“Tell me what is it you plan to do with your one wild and precious life?” -Mary Oliver
I recently made a friend at work whose been stressing to me the importance of having a sense of direction and springing forward, full-throttle in pursuit of what you think your purpose in life is. “Make sure you have goals”, he told me.
“I do”, I replied.
“Yeah but do you have them written down?” He challenged me.
“Of course.” I lied.
The thing is that of course I have goals, but I don’t necessarily have them written down, and now that I’ve settled into a completely different state with minimal support and have sold and given away most of my “estate” if you will, my identity has been flushed clear down the the toilet. It is drifting out somewhere in the ether waiting to return to me on these simple terms: “You are a gift from God Mauriel; a light in the darkness.”
And so I find myself in these humble circumstances working part time in a grocery store and relying on disability checks from social security, just praying that the devil would not outwit me into a sense of shame and nothingness. I work at a grocery store… and you know what? I do it with my head held high because I was born for something greater than this moment.
The other day I I came across a woman coddling her infant, and he was so contented just nestled in her arms. I looked at him and thought what a miracle it was that he survived childbirth. He is a warrior in my eyes, to have left the safety of the womb in order to enter into this cold “every man for himself” world. He won’t be in his mother’s arms always, but the fact that he was born, tells me that he was marked by something divine with a purpose. I know his mother’s heart sings to that melody in her gratitude for her sweet babe.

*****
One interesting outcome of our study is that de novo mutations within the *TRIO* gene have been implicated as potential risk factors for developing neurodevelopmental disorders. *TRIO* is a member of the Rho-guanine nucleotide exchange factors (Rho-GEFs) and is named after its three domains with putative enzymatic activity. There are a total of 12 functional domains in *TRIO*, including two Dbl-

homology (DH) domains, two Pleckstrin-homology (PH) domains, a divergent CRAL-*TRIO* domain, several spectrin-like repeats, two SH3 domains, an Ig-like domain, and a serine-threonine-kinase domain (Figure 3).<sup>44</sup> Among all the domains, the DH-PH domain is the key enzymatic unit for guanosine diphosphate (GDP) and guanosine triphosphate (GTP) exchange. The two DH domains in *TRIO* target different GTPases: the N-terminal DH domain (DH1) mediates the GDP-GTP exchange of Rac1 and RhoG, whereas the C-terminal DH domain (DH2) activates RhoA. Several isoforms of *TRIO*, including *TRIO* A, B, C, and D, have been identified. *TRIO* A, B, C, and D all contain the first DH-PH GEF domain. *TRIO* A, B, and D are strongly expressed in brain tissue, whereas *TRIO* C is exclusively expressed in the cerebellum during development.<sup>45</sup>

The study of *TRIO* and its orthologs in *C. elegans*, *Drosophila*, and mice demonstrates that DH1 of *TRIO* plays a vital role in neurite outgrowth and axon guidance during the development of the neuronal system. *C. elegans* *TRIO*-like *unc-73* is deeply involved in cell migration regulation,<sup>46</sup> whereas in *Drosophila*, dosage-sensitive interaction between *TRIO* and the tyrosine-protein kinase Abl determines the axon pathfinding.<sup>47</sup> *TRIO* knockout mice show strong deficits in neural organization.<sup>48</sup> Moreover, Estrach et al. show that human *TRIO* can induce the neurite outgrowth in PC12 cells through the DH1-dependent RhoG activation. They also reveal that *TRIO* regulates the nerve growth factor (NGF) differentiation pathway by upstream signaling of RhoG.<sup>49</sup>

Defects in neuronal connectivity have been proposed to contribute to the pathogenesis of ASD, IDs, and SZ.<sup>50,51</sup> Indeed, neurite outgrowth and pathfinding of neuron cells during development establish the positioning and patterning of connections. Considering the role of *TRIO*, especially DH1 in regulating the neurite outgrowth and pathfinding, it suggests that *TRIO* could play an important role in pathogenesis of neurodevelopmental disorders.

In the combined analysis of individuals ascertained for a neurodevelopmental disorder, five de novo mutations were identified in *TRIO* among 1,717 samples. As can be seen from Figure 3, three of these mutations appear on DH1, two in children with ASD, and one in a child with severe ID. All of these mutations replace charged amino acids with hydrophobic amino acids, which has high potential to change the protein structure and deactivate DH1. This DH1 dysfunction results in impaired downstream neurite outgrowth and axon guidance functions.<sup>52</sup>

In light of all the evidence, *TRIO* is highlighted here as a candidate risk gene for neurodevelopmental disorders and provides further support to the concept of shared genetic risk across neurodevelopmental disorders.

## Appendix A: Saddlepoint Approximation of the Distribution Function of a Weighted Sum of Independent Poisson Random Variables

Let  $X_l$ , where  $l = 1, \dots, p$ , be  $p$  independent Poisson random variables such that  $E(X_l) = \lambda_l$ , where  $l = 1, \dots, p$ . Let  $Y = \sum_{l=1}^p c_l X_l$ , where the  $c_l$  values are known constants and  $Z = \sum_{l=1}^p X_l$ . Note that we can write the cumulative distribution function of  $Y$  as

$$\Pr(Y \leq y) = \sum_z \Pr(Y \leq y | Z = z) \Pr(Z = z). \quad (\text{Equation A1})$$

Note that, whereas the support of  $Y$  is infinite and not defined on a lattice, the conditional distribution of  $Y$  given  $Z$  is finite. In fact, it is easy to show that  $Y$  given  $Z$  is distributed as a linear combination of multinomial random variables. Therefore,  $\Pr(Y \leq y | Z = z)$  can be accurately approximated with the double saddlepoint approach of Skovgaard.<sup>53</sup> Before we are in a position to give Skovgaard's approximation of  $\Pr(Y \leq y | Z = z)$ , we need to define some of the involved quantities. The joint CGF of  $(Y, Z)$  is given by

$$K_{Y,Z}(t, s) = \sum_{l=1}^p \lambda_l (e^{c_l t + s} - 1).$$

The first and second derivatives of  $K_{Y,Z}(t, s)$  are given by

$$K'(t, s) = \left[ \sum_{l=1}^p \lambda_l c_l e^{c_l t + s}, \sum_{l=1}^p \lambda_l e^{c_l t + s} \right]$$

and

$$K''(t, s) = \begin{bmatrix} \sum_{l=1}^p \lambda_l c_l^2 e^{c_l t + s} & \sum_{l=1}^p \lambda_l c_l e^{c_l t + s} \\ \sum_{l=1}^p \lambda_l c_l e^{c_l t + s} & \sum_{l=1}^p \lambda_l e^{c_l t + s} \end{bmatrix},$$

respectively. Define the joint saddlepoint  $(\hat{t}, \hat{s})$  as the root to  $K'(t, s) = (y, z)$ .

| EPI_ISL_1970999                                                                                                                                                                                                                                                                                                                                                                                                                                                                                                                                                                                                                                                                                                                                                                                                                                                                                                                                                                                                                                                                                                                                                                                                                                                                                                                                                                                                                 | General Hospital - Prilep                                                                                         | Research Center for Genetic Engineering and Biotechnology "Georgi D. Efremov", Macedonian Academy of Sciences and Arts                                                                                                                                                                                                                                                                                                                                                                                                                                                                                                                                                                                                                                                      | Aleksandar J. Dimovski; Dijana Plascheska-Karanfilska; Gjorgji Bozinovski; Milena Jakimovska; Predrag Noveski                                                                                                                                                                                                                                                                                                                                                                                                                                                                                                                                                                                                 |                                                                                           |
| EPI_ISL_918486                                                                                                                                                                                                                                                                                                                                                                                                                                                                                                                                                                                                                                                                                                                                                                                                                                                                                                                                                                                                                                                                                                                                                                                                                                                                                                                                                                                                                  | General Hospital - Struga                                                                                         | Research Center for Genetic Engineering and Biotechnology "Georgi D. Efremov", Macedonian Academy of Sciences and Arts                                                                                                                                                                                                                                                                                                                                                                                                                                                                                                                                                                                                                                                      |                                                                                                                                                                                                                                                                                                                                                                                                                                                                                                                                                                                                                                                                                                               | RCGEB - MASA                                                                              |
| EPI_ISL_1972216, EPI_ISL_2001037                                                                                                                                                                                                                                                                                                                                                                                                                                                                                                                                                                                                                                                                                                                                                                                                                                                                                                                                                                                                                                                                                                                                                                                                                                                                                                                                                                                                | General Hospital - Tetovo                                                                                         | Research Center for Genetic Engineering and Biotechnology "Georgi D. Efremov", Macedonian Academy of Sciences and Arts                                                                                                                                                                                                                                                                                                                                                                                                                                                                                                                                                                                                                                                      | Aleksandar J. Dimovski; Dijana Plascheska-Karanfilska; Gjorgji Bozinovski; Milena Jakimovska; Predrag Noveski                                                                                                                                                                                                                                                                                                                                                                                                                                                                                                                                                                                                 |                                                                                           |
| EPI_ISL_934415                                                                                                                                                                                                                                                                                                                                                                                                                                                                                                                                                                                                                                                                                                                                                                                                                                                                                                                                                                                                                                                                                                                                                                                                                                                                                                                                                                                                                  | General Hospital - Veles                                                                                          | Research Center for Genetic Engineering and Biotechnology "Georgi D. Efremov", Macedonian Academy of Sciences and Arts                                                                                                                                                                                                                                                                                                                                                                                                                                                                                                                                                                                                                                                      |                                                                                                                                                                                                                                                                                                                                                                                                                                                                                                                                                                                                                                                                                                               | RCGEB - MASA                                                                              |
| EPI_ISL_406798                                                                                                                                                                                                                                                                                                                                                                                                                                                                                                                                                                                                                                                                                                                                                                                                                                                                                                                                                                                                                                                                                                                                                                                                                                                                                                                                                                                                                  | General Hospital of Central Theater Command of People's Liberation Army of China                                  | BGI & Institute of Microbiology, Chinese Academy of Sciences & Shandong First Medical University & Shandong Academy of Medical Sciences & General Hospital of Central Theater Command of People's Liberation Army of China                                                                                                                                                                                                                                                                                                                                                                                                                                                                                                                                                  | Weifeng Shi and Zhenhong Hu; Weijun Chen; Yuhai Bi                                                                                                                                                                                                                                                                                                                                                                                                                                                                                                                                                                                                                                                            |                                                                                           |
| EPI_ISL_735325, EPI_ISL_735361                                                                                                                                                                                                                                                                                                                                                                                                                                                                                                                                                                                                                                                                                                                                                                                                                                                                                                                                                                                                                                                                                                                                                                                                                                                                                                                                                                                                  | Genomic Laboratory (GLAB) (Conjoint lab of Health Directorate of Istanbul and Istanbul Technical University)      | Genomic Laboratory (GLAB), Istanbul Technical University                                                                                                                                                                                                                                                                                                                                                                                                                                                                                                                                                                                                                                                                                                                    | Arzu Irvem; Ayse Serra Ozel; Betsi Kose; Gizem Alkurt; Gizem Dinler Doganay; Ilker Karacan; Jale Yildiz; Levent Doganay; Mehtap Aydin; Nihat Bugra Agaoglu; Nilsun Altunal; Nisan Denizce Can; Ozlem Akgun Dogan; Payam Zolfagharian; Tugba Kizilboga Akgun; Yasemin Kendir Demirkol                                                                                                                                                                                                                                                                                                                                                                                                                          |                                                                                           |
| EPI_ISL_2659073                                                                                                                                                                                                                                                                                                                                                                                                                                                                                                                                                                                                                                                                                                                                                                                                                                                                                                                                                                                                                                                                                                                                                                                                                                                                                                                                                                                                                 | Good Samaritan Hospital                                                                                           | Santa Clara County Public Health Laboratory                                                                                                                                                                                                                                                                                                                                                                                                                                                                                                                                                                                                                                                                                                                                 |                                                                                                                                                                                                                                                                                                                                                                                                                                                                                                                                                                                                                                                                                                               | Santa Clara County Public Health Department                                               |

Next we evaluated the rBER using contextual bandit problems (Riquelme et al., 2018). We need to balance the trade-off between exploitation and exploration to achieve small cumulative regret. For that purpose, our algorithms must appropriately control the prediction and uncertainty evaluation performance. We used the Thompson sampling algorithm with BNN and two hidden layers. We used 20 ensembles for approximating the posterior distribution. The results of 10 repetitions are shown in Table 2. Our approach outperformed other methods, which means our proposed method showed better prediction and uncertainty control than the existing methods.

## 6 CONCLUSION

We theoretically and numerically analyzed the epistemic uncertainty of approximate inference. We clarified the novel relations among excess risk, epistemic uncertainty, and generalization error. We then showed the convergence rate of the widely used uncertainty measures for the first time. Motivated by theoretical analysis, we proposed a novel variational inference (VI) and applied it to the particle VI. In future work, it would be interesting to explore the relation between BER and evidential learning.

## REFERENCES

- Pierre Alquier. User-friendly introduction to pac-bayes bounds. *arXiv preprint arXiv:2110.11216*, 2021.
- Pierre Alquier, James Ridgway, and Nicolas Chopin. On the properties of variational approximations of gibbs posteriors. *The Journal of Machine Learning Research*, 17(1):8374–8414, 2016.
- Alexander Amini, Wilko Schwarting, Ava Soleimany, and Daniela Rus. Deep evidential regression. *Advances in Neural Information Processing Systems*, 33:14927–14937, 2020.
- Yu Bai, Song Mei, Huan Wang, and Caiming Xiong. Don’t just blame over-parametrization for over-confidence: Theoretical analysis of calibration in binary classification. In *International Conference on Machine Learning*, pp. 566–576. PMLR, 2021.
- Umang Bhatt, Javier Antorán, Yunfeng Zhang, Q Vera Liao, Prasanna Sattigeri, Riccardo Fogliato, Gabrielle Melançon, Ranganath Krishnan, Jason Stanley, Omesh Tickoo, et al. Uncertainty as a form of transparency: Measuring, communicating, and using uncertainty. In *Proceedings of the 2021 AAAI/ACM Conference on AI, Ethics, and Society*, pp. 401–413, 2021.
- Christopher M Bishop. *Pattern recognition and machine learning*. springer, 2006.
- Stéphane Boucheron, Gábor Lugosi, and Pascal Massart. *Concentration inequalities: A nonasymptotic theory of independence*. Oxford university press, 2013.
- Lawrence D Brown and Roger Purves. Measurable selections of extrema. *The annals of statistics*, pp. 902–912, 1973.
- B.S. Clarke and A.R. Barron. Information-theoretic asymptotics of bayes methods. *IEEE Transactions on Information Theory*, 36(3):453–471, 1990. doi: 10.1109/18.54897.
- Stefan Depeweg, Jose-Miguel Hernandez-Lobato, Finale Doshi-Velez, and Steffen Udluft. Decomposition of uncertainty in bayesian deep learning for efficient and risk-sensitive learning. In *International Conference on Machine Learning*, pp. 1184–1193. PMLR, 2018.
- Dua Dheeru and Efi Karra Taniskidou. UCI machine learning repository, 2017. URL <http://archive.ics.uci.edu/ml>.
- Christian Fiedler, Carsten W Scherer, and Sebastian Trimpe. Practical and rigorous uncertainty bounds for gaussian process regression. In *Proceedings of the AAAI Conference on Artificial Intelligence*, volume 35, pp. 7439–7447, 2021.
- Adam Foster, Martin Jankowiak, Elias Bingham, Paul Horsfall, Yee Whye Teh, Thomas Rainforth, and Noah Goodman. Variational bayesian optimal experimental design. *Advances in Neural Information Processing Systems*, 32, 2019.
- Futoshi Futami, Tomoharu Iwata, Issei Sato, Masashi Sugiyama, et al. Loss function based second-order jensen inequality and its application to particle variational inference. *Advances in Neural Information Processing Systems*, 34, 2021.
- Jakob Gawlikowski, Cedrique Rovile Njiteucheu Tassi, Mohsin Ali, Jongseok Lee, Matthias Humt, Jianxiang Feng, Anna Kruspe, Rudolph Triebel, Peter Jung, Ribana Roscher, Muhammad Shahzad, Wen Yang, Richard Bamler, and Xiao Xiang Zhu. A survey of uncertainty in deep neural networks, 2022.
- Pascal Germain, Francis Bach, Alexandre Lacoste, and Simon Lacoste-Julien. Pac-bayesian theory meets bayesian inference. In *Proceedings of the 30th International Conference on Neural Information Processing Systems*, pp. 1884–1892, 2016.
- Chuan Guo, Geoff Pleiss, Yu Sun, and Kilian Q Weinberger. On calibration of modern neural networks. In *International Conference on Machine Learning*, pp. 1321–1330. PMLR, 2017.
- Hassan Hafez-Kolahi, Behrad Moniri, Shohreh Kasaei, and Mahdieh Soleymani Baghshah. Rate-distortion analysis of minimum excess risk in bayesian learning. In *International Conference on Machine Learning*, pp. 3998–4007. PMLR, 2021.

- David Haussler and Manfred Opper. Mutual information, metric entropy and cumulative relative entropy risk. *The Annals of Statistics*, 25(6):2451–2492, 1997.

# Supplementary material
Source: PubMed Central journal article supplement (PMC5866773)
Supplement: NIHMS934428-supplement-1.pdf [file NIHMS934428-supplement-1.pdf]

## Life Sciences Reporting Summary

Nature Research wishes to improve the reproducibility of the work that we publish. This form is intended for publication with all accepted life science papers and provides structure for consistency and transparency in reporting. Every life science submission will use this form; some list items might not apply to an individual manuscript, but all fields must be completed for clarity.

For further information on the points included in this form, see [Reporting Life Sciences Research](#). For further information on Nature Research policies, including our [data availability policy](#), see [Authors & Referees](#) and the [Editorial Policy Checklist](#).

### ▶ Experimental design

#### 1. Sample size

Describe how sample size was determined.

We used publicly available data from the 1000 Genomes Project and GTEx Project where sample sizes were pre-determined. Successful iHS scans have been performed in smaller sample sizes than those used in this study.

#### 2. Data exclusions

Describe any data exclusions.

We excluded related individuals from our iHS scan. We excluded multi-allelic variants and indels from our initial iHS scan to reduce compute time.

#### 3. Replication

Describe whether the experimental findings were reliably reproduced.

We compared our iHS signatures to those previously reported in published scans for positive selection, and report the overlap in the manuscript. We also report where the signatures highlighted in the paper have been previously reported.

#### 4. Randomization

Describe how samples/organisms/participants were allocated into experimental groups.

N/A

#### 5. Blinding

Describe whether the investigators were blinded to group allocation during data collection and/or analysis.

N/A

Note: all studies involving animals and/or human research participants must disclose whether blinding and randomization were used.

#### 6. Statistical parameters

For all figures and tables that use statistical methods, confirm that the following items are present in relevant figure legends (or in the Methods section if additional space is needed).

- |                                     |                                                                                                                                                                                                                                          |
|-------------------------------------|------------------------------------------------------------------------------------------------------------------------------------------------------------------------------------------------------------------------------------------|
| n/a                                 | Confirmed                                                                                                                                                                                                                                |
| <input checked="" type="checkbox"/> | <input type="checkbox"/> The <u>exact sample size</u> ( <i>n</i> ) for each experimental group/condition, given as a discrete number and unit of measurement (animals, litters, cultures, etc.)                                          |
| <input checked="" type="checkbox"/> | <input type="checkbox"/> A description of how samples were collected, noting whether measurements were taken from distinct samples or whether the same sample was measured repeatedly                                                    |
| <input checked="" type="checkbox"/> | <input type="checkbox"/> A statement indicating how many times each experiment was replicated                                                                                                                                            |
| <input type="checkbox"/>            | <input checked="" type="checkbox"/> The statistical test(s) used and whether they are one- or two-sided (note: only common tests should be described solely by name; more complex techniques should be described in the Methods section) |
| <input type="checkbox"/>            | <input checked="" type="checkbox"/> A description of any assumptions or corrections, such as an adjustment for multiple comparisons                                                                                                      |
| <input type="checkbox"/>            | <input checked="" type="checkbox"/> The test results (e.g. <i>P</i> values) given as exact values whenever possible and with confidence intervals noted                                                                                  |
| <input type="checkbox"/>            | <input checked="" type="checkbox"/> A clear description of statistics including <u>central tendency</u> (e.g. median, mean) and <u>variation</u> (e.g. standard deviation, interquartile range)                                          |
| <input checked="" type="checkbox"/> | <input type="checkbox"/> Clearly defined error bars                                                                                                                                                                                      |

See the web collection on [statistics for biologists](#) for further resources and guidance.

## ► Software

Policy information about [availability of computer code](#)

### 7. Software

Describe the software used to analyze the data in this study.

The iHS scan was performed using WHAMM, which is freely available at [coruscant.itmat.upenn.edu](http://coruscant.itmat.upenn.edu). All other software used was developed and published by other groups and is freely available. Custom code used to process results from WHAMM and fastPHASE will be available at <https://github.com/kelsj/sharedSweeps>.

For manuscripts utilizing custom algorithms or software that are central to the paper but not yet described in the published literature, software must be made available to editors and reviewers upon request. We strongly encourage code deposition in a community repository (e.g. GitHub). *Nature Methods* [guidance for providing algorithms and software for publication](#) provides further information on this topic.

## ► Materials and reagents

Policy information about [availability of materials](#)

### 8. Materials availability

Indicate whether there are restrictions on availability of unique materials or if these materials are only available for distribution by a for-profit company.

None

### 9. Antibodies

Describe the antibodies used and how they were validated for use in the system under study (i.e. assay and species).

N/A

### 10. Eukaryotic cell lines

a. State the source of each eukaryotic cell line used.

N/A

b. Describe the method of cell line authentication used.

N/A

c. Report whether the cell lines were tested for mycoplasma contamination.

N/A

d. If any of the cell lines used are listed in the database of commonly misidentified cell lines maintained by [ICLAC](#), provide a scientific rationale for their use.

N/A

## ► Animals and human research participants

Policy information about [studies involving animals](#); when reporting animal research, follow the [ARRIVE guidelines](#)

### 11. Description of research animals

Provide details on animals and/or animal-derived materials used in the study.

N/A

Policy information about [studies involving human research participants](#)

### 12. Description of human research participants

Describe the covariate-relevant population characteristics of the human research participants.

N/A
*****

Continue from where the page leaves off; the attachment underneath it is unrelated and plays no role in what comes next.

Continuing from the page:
The chat with my Coworker:
Chatting with him sort of peeved me initially because he was striking a sensitive nerve inside. I knew that I had stopped dreaming and hoping in God, because my heart had been broken by life. I’ve come all the way from Texas’ thriving economy, a full time corporate job, a degree and my own place down to virtually nothing except a couple hundred in my bank account and a part time job meant for teenagers. I am at the foot of a big mountain, climbing back to stability and a sense of settlement, and it feels like I have a long way to go. Somewhere underneath all of those raw words he was speaking I heard: “I see you, I believe in you, you can do this.”
And so here I find myself, at the intersection between the fragility of life and strength of my own soul. All the trauma of my childhood has not destroyed me. Here I still stand like a tree planted—“I can do all things through Christ who gives me strength(Philippians 4:16). I am not the sum of all my failures. I am the sum of things I’ve overcome.
While on the onset, I was frazzled by these “Dad talks” I think in retrospect that it was God’s favor. So having had my faith rekindled by my co-worker’s strong sense of hope and responsibility, I have returned to my own—that is “hope and responsibility.” I understand (God) the Father’s love, a little bit more, though not entirely, and I so look forward to the plans that He has for my life, and I am ready to be disappointed by life. What can shake someone rooted in the Lord?
“For I know the plans I have for you”, says the Lord, “plans to prosper you and not to harm you. Plans to give you hope and a future.” -Jeremiah 29:11